Stephen Farrant: Helping to build lives in India with the hotel industry

Stephen Farrant,  Director of Business in the Community’s International Tourism Partnership recently visited India to take part in the Hotel Investment Forum India conference.  He gives us his reflections on the experience.

During the week when the world's most powerful leaders met in Davos to discuss - among other things - global inequality, I had the opportunity to be back in India, experiencing both the most luxurious and privileged elements of society as well as some of the most excluded and most exploited. 

Rescue, re-habilitation and re-integration

It’s hard to imagine the degree of desperation and poverty that might lead a family to sell daughters as young as eight years old into slavery.  Yet, according to one of the NGOs we are now working with in Delhi, Courage Homes, every day in India, 40 girls under 15 years old are sold into the sex trade.

I met some very brave and courageous people who daily put their own safety on the line to rescue these young women from their traffickers, before supporting them, often on a voluntary basis, through a long and difficult process of rehabilitation.  After that there needs to be a process of reintegration, which is where we come in.

ITP's Youth Career Initiative, run in partnership with the global hotel industry, is increasingly creating opportunities for re-integrating survivors of trafficking through a unique mix of transferable work skills and life skills. Graduates from the programme, who are some of the most vulnerable of young people, gain confidence, self-belief, and a far greater likelihood of gaining legitimate employment and contributing effectively in mainstream society.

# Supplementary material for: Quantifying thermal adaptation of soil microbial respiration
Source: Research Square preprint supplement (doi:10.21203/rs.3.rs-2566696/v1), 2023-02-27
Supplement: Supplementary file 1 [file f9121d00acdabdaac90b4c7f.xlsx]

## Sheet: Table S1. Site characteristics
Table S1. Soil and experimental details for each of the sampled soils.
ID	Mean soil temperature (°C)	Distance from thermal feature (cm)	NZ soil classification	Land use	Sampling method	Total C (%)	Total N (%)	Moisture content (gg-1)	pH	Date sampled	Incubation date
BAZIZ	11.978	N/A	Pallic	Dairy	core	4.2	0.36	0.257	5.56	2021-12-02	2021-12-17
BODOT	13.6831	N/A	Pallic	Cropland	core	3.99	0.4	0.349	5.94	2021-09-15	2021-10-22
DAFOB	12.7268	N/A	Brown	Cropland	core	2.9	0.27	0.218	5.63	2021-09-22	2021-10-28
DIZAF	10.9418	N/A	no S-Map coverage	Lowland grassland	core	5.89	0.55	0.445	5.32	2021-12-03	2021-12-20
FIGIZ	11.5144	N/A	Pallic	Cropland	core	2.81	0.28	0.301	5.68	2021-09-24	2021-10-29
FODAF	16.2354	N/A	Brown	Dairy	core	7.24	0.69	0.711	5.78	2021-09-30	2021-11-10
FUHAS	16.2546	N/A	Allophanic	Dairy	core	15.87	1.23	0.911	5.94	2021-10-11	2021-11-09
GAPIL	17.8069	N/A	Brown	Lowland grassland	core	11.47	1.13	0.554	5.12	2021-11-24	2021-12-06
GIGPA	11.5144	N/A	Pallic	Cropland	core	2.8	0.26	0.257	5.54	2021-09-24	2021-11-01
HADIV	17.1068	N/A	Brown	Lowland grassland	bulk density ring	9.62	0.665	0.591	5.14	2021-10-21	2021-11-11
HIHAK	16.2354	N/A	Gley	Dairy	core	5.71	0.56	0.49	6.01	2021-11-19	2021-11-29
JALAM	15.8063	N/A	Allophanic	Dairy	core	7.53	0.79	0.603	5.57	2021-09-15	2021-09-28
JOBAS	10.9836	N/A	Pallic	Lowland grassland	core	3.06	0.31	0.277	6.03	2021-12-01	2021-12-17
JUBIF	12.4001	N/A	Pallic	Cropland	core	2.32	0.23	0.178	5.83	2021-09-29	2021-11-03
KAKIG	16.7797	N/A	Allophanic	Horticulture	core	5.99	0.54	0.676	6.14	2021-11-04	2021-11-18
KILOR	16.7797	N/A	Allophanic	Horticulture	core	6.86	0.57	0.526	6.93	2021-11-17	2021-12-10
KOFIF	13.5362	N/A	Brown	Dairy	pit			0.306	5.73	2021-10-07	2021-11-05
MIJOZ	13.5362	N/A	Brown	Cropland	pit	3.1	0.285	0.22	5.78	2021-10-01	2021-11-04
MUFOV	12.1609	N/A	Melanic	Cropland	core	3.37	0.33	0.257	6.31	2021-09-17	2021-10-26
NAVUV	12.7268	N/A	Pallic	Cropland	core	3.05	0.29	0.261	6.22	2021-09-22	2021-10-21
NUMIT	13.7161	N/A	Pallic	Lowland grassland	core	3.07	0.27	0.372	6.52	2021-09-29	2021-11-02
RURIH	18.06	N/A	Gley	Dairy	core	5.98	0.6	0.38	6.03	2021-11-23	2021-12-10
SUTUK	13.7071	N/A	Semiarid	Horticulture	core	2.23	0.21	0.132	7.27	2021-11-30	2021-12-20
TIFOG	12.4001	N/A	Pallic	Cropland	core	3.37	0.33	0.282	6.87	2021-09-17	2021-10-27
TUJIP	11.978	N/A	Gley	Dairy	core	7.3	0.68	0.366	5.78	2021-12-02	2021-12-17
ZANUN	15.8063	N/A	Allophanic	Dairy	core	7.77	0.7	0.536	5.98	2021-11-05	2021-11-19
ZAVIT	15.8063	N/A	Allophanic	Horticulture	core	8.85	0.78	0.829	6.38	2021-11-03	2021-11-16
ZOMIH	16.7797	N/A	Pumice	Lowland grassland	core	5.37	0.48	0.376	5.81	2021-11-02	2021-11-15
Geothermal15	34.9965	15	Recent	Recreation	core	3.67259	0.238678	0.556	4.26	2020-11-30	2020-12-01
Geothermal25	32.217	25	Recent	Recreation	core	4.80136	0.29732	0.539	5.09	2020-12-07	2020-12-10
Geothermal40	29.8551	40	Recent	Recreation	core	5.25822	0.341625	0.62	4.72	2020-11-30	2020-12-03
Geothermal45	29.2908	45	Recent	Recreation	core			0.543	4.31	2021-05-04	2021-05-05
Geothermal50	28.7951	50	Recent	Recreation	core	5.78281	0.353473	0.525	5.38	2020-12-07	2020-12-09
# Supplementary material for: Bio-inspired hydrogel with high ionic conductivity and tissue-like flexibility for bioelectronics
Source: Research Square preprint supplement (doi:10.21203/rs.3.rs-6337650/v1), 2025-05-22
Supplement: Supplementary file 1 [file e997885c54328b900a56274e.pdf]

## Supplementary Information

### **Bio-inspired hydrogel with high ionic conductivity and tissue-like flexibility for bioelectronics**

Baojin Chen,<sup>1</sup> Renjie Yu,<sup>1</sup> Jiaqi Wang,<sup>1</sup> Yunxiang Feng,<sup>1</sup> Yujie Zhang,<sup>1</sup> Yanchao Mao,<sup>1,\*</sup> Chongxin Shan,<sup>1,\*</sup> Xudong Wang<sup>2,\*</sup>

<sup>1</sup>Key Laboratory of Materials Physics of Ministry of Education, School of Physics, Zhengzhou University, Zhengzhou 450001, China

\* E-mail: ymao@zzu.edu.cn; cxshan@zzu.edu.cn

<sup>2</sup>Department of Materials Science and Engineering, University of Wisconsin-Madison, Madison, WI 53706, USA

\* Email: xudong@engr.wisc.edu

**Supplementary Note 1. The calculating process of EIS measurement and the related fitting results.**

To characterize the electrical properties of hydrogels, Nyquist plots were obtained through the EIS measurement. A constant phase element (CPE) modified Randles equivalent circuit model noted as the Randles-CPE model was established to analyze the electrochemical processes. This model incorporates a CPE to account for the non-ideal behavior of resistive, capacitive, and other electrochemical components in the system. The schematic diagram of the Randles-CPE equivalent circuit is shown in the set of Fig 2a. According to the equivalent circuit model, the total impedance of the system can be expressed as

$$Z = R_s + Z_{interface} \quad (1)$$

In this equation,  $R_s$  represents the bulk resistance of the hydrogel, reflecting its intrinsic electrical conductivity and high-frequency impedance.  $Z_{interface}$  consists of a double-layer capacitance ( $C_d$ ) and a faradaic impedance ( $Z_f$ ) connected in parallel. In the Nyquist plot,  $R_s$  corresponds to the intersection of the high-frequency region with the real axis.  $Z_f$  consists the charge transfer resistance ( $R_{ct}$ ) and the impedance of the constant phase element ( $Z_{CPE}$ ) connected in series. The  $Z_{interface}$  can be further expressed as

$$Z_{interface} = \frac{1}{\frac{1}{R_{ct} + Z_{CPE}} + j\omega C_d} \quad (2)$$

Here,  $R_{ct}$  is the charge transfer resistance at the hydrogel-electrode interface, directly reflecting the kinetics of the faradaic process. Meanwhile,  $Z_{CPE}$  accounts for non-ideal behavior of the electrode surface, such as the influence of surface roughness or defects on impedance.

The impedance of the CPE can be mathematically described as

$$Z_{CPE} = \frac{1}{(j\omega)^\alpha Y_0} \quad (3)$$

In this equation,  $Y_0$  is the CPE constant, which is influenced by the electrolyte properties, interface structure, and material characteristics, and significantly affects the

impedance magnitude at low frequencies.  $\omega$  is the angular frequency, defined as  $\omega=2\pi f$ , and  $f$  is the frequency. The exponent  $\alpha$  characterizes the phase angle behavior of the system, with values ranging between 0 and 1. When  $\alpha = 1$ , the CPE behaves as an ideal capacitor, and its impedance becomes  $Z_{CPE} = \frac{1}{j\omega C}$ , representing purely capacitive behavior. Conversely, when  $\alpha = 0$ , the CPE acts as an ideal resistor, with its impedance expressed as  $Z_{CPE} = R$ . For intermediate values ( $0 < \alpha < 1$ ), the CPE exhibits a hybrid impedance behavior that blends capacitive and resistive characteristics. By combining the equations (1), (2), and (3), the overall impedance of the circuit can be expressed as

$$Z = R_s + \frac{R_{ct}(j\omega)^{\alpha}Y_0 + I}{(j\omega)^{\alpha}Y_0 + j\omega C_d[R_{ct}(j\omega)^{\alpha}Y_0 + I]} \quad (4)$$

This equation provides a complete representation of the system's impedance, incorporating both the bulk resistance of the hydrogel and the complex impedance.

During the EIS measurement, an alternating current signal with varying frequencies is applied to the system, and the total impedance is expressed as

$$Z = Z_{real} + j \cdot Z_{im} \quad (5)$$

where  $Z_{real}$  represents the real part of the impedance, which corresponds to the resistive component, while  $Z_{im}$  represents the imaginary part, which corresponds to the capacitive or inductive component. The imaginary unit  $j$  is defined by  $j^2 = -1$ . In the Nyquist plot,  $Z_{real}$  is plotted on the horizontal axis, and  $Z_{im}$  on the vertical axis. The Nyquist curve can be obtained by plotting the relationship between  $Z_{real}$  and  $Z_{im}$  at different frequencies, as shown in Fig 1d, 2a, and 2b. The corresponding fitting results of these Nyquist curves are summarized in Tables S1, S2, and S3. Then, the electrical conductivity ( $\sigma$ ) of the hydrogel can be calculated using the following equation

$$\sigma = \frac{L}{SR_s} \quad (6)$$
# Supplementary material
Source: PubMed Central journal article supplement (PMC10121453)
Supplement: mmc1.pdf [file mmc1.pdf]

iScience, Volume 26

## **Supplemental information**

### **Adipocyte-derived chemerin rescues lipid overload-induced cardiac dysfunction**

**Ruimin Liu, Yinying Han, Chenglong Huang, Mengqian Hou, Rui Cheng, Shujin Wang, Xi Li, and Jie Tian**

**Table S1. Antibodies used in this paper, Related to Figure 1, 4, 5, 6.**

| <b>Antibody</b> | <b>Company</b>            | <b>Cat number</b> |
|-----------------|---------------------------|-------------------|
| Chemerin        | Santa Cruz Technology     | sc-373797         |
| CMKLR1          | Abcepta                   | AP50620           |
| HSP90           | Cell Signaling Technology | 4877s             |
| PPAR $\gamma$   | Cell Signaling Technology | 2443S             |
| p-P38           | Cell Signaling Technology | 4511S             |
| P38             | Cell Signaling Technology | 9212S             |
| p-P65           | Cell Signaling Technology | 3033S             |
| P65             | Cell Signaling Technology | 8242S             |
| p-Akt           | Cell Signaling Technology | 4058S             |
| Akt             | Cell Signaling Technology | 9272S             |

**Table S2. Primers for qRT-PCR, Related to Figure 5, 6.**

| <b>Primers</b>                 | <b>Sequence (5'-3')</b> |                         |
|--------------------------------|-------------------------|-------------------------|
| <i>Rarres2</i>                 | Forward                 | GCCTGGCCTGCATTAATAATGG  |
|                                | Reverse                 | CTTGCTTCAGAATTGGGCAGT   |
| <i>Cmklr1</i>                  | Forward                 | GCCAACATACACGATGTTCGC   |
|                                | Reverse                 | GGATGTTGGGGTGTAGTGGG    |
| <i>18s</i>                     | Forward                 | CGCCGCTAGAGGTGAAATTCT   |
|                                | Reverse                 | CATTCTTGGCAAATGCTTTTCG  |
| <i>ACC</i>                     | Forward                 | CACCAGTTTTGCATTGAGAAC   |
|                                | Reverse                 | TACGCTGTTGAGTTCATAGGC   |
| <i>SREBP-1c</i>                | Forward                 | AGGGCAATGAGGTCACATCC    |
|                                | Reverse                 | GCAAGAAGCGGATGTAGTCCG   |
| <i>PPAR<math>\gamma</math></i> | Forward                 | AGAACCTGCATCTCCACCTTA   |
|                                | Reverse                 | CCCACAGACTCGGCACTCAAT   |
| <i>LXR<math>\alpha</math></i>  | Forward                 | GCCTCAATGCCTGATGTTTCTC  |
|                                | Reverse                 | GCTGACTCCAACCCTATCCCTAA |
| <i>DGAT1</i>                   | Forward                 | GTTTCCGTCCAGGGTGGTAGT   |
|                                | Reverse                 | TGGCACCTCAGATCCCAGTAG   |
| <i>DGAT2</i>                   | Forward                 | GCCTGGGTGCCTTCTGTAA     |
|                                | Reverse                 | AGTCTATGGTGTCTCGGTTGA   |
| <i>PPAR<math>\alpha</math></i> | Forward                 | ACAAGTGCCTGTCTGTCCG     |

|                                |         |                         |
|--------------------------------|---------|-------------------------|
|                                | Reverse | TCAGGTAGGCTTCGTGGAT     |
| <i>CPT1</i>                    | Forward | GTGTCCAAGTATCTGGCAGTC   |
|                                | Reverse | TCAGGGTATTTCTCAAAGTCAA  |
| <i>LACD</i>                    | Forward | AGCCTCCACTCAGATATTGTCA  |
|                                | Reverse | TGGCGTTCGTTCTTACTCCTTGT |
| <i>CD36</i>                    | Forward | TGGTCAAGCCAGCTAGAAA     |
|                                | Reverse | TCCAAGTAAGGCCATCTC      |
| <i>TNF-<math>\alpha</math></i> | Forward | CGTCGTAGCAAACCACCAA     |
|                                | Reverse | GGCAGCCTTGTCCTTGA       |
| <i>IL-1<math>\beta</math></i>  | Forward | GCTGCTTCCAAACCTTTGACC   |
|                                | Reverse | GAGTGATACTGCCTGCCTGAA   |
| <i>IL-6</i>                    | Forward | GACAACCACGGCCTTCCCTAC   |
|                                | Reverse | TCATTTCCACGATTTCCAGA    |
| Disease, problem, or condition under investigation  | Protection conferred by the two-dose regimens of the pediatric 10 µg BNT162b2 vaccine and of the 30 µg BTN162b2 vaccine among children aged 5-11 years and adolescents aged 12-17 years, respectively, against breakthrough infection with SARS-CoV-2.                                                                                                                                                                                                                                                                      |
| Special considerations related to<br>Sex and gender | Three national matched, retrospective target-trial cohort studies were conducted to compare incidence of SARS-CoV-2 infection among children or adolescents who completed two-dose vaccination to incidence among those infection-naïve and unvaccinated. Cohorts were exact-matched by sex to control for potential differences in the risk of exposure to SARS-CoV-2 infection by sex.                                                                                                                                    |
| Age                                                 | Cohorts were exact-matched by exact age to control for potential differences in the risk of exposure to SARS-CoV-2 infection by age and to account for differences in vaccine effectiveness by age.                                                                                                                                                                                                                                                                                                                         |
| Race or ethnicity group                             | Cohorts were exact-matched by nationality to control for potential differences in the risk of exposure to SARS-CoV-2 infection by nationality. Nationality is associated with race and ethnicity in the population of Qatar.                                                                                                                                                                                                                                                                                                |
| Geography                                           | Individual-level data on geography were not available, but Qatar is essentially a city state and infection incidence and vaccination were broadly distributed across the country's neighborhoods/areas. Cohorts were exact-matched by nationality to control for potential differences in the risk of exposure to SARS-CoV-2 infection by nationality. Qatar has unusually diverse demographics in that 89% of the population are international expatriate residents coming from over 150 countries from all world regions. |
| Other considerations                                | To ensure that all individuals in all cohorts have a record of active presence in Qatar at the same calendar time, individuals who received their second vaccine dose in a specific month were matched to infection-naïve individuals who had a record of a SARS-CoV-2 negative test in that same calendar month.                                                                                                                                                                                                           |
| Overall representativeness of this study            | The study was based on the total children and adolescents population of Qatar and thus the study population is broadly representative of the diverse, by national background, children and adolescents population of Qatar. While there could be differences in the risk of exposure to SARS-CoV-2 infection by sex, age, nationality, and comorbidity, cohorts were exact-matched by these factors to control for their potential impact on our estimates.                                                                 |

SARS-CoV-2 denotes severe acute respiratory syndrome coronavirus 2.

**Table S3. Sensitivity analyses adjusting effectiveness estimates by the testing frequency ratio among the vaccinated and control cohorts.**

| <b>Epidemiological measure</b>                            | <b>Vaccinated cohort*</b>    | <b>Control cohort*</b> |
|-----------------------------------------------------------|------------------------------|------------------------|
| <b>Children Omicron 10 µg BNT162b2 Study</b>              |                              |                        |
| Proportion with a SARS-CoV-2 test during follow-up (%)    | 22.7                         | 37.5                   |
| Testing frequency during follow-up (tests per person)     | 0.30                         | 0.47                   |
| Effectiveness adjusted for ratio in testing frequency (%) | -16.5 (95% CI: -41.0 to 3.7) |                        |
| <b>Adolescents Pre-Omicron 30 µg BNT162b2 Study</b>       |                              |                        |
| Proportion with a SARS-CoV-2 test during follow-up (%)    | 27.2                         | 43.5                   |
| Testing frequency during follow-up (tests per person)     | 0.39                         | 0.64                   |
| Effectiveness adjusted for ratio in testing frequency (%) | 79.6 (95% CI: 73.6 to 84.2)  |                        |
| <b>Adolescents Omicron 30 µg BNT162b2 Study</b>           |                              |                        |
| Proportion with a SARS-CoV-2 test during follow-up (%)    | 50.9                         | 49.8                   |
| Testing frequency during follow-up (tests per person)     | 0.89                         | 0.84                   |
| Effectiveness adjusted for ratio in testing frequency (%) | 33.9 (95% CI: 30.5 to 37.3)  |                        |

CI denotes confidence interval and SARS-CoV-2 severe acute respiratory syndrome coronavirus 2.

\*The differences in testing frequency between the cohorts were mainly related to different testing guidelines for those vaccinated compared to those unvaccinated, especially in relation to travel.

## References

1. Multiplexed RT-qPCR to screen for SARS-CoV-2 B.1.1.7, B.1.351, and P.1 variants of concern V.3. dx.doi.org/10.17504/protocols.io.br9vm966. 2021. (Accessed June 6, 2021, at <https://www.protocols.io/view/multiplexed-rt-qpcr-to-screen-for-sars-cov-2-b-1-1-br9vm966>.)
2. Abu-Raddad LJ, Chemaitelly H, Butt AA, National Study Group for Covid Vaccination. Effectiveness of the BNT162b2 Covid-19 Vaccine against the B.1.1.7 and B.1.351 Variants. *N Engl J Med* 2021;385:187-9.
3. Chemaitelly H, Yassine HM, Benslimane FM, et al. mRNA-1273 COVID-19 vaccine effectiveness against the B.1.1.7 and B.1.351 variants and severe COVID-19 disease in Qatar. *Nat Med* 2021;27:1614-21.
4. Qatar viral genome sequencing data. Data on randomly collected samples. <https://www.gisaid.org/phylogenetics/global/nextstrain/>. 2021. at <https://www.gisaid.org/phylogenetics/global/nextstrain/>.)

Mind the gap

The most vulnerable people, like those described above, of course need particular support, but business also needs to consider the plight of young people generally.

With global youth unemployment stubbornly at 73 million, the need for businesses to tackle this issue, and help to bridge the cavernous divides (physical, cultural, financial and emotional) that can separate the haves from the have-nots in society, has never been greater. In India, as elsewhere, it is not so much a question of too many young people and not enough jobs, but more about a fundamental skills gap that has to be narrowed if the country is to prosper.

And, from a personal point of view, the ability to witness both the uglier extremes of social exclusion and the privilege of 5-star luxury, all in the space of a single working day, was shocking and motivating in equal measure. As the world’s leaders in Davos acknowledged in their debates, inequality and social exclusion pose a growing structural threat not just to those at the bottom of society but to the privileged elite as well. Surely this is a problem we know how to solve, with responsible businesses an essential ingredient of that solution.

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